This play is twisted…and also kind of sad. But more twisted than anything else. Bottom line: the play is about a man’s decision to sell his soul to the devil for a slightly better life here on earth and the natural consequence that comes from such a decision. Devils (yes, plural) show up; the seven deadly sins make an appearance; there is a good angel, but unfortunately everything he says is always immediately refuted by the bad angel. Because of Dr. Faustus’ desire for knowledge and his own personal demon helper, the play ends the only way it can. And the reader can’t make any mistake about it – Faustus did it to himself.
While the play is often referred to as simply Dr. Faustus, the full title is The Tragicall History of the Life and Death of Doctor Faustus. And it is indeed quite tragic. Probably what makes it so tragic is not necessarily the fact the Faustus sold his soul to the devil for talents and knowledge that he eventually wasted (although that is sad), what makes it worse is the multiple opportunities he has to repent and save himself and he neglected to do so. For some reason it reminds me of something Mr. Burns from The Simpsons said (yes I am going there):
Homer: Mr. Burns, you’re the richest man I know.
Burns: Yes, but I’d trade it all for a little more.
You get the idea (kind of)…Enough would have never been enough for this guy, even at the price of his own eternity. Anyway, my point is it is a tragedy.
Sin, Satanism, death, magic, the eternal battle between good and evil (show mostly through the presence of the good and evil angels that show up to offer their two cents) – all are prominent themed and motifs throughout the play. Also, the type of end that a life spent bound to the devil and separated from God can lead to.
I also like to put the character of Faustus in with other over-zealous literary figures such as Captain Ahab and Victor Frankenstein. All three men flouted all reason (and sometimes the advice of peers) and ruthlessly pursued activities and/or goals that would result in their demise. Much like Captain Ahab, who had already gone up against the white whale once and lost a leg, Faustus had the opportunity of turning back and saving himself, but he felt that he was too far gone to give up what he had started. And like Victor Frankenstein, Faustus is unsatisfied with the amount of scientific knowledge currently available to him and desires to know more than any human possibly could in their lifetime, so he does what he shouldn’t do, and decides to consult with Satan. Also, like Victor Frankenstein, it can be argued that had Faustus known what he was really getting into, he would not have entered into the deal in the first place.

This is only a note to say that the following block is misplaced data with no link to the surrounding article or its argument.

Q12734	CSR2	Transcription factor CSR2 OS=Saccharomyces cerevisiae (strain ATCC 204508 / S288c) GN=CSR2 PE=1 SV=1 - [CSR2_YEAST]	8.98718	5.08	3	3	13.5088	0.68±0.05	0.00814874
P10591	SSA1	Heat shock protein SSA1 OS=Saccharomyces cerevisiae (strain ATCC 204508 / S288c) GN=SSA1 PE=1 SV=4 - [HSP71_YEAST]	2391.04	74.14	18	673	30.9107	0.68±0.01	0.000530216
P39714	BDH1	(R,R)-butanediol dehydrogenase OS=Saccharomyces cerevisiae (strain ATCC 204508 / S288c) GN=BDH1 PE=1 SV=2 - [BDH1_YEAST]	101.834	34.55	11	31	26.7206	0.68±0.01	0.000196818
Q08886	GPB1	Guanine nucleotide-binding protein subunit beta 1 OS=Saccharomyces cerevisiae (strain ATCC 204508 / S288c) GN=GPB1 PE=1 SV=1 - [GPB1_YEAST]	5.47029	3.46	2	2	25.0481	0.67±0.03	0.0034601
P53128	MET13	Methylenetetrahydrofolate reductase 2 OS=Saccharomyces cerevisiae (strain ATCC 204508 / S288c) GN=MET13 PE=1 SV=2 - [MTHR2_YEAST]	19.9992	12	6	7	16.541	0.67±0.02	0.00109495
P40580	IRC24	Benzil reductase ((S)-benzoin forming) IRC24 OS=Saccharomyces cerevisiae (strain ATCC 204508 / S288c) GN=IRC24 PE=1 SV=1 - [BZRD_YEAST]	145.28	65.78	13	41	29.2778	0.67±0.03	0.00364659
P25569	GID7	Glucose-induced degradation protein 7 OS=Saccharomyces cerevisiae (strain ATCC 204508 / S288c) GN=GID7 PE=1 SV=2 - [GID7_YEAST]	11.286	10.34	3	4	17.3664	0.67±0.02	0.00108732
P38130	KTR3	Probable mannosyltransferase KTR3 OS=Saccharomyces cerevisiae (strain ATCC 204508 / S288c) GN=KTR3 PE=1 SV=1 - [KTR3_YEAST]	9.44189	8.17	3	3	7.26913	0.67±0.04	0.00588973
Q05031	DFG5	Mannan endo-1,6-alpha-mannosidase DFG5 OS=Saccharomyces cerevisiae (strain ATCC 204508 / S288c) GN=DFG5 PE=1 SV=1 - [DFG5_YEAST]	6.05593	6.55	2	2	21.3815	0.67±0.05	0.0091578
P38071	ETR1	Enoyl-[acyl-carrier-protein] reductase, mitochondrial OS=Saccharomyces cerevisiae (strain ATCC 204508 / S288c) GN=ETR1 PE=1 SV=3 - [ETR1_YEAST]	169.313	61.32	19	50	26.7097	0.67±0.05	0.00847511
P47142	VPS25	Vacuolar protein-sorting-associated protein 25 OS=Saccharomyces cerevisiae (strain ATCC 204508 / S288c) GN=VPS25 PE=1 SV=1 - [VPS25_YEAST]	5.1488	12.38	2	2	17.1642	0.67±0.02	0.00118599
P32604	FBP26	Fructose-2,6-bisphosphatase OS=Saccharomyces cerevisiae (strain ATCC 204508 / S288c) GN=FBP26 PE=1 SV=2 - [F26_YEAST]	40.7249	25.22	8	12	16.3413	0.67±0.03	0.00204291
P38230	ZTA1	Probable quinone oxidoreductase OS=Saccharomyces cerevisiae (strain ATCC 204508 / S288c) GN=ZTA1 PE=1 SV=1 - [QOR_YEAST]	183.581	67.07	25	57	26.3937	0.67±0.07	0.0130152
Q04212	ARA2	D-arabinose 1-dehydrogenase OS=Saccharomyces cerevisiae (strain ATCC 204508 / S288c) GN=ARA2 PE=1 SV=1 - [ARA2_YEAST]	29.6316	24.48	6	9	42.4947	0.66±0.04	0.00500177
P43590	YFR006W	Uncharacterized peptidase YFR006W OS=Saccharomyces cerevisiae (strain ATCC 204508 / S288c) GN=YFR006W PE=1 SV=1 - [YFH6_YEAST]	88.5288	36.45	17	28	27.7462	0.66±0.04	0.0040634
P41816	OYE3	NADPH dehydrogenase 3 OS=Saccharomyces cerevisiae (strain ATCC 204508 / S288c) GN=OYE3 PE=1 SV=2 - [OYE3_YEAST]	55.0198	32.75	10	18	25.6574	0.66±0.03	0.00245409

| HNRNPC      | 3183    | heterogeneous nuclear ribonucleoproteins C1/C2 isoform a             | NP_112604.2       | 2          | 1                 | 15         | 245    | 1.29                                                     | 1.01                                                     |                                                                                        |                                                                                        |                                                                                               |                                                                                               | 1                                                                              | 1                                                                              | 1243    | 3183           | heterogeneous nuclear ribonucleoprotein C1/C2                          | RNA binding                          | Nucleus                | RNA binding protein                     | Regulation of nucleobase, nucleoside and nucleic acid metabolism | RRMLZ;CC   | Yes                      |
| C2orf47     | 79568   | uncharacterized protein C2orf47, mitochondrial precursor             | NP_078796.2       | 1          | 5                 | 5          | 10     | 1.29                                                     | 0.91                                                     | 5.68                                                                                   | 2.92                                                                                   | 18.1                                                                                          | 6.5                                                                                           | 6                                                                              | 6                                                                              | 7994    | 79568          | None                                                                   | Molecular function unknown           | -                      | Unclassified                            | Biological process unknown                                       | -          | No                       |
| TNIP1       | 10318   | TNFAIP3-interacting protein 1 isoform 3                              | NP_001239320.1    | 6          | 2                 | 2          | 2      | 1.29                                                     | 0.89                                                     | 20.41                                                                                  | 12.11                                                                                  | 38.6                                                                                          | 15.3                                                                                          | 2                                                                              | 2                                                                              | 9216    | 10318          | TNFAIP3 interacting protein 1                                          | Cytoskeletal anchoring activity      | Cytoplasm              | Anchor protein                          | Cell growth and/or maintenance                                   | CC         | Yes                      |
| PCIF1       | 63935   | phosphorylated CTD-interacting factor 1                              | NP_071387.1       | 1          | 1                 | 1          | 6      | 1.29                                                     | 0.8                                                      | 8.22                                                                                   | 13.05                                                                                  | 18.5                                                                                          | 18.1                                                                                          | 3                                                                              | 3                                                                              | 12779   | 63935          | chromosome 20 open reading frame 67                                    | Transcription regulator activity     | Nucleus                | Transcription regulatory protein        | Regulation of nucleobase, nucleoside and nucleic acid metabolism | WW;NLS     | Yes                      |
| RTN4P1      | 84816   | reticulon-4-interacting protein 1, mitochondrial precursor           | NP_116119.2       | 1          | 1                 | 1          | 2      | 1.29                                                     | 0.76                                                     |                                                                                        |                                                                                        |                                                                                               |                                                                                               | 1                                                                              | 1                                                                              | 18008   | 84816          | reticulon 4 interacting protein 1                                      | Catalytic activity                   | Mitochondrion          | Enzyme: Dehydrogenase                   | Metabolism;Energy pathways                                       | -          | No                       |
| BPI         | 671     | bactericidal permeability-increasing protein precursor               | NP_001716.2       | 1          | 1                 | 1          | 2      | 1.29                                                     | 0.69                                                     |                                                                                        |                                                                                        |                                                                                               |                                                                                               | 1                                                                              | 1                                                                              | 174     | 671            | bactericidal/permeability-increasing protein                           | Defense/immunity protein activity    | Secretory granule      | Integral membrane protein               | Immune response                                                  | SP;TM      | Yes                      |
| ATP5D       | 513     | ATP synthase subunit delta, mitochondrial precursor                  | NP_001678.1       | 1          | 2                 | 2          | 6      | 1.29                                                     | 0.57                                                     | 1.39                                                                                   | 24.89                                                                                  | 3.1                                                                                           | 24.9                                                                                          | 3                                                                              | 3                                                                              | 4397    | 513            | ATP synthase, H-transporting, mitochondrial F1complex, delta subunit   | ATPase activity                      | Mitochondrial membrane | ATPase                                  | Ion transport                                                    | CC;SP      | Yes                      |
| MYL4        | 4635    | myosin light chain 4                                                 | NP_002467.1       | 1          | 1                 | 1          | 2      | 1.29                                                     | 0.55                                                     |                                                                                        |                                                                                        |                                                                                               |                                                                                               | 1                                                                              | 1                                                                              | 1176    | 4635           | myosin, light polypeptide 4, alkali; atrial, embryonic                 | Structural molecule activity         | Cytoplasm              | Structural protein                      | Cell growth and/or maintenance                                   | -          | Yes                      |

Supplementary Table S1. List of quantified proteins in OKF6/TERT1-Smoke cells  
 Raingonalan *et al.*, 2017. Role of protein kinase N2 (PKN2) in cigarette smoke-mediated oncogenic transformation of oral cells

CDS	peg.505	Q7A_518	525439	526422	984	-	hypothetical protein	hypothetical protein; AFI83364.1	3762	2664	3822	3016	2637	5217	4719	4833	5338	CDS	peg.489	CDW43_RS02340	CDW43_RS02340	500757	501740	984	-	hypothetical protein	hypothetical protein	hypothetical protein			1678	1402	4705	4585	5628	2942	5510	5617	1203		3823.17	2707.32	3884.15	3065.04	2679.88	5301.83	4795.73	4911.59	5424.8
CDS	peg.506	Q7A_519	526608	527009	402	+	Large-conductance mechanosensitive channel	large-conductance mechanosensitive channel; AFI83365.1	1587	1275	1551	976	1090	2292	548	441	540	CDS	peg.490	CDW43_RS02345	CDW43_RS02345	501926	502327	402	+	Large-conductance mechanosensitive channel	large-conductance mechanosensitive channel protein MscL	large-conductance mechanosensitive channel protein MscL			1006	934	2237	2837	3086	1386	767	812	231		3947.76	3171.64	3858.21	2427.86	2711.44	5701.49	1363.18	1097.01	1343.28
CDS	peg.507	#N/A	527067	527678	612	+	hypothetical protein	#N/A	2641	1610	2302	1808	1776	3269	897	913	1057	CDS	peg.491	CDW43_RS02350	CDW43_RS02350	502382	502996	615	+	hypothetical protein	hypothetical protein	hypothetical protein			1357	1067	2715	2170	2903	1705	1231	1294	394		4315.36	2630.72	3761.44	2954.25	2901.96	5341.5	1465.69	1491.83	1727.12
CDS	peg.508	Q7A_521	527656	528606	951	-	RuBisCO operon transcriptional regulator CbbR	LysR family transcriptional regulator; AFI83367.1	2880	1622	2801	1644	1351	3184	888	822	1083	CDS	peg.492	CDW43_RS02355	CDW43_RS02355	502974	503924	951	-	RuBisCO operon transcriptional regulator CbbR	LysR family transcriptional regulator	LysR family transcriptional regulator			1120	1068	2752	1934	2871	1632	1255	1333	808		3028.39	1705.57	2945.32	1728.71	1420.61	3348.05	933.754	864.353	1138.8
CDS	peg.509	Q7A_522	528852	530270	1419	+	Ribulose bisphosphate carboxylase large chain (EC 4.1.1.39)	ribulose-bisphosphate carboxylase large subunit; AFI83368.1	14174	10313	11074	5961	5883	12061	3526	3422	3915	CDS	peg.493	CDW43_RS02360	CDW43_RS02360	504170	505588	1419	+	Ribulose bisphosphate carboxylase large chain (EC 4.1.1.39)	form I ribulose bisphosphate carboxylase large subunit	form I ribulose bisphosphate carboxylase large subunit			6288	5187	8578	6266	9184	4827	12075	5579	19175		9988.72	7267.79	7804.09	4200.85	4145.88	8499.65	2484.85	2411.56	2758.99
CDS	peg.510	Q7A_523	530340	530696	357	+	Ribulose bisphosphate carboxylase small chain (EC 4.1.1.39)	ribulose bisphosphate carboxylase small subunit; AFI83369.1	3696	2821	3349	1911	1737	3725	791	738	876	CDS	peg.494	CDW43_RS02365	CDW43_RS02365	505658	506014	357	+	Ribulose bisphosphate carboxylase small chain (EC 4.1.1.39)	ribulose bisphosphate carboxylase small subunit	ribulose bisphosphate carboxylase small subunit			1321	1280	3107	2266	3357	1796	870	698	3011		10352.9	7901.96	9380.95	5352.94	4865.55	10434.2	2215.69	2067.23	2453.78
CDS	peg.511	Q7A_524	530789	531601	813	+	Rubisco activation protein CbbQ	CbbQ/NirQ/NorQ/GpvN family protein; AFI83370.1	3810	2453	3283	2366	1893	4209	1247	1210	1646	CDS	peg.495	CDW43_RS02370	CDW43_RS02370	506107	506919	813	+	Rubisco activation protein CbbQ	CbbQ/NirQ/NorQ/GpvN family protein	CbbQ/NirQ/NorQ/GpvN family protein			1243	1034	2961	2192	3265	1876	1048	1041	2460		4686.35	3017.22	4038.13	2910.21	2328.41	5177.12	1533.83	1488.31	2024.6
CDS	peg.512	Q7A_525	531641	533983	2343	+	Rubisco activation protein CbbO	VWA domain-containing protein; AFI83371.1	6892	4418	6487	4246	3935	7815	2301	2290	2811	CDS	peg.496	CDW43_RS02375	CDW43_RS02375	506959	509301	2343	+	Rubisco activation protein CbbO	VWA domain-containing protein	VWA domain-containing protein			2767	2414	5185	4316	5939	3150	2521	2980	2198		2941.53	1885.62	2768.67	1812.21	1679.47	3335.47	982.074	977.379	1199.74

Of course, there is immediately going to be a certain amount of controversy surrounding this play, for any time period, because of its themes of Satanism and deals with the devil. But what has caused critics and readers even more trouble is the Calvinist doctrine and the conflicting arguments as to whether or not Marlowe is supporting the ideas of predestination or challenging them. At the tie this play was performed, the idea of predestination was on the rise in England.
For Calvinists, Faustus would represent the absolute worst kind of sinner: one who knew of the heavenly offerings of a life submitted to Christ and rejected it in full knowledge that the complete opposite destination (hell) was the only other option. For Calvinists, Faustus’ fate was not only pre-determined but well deserved. Even though he was baptized earlier in life, he still did not receive salvation because it simply was not meant to be.
For the anti-Calvinists, Faustus simply exercised his free will and decided not to accept Christ’s salvation, but instead accepted Satan’s eternal damnation. They argue that, just like anyone else, Faustus was free to choose his own destiny, and he happened to choose poorly. For an anti-Calvinist, the idea that God would choose this fate for Faustus before he was even born is absolutely ghastly. But then I would also like to ask, who in their right mind would choose it for themselves?
There will be no entry next week as I will be on vacation in Chicago. The following week will most likely include a post on Narrative of the Life of Frederick Douglass, an American Slave. I also recently realized that I am running out of weeks before the big day. Fortunately I am also slowly running out of books, but there are still more of them than I have weeks. My solution? I’ll just have to double-up and post more than once a week. It’ll be somewhat painful, but fortunately I have already eliminated all of the monsters and have only short novels and poetry left. Viva life!